One of the hardest things for any software designer to do is to decide not to implement a feature. Many software projects have been delayed or even derailed by feature creep, or the tendency to widen the scope of a project during development. But in many cases, features that seem like "must-haves" during development can be deferred to later phases of development, or cut completely. Perhaps the paradigmatic example of this is the original iPhone OS's lack of cut, copy and paste. How could Apple have omitted such vital features? It didn't seem to hurt sales of the iPhone though.
Today I just ran into another example, also from Apple. In Xcode, you can switch from a header file to its corresponding implementation file (and back) using the keyboard shortcut Command-Control-Arrow (any arrow). This is a really nice way of navigating back and forth while you're creating new instance variables and methods for your classes. However, when you navigate in this way, the project browser at the left doesn't update its highlight to indicate that you're viewing a different file. Is this a bug? Probably not. It's probably just the designers of Xcode deciding to rein in feature creep so that they can actually ship the product.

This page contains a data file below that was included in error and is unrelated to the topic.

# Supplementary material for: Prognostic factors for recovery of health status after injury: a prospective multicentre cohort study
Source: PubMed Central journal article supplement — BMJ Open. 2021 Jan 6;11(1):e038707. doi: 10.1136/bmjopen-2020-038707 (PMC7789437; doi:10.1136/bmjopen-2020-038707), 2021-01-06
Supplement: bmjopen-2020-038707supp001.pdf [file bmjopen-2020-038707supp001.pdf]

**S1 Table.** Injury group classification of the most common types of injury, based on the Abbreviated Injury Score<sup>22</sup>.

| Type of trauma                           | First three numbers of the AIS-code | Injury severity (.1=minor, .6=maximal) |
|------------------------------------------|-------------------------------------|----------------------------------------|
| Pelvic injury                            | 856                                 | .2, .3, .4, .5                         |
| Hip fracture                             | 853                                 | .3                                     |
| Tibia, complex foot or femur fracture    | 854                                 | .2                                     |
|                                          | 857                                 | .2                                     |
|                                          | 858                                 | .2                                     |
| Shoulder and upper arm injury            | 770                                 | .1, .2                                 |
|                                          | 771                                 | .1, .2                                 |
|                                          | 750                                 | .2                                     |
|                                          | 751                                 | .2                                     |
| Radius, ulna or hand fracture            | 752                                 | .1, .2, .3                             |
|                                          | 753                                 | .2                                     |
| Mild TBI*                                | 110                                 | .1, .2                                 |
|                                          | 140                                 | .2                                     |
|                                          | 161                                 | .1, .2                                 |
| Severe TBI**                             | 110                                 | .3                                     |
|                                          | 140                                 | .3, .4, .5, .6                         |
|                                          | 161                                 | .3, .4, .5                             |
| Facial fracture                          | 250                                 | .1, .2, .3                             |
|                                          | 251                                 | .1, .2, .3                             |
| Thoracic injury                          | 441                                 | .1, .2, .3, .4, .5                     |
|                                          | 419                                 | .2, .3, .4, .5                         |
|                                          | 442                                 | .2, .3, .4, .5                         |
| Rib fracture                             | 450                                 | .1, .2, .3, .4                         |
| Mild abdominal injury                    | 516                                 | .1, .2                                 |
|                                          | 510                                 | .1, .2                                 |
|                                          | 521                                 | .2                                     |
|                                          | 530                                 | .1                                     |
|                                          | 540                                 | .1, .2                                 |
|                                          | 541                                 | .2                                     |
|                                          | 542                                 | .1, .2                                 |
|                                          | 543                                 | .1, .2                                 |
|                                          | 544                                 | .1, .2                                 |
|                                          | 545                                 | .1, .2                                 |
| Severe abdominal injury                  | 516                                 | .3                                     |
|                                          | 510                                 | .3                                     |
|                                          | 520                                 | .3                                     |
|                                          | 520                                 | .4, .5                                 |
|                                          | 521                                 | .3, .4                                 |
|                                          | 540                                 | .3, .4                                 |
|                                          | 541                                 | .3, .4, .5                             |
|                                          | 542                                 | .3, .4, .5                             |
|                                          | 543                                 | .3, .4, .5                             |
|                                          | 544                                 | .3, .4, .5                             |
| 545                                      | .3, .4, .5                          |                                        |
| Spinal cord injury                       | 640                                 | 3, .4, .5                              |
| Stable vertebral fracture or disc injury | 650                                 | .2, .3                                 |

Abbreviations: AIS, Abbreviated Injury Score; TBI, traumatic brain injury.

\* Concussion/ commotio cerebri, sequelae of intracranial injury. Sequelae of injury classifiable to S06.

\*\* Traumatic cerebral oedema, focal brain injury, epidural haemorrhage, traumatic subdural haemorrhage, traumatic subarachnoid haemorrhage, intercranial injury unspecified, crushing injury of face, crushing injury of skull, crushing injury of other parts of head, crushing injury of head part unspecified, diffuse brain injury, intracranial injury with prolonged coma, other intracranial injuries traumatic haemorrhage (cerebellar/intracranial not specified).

It's so damn tempting to want to make sure every little bug is fixed and every little corner case is accounted for before you release your software. But, as they say, perfect is the enemy of the good. It's crucial to know when something is good enough so you can ship it as soon as possible. With cut, copy, and paste, Apple finally introduced the feature into its third version of the iPhone's operating system. By then they had already sold millions of phones to customers who decided they could live without that crucial feature.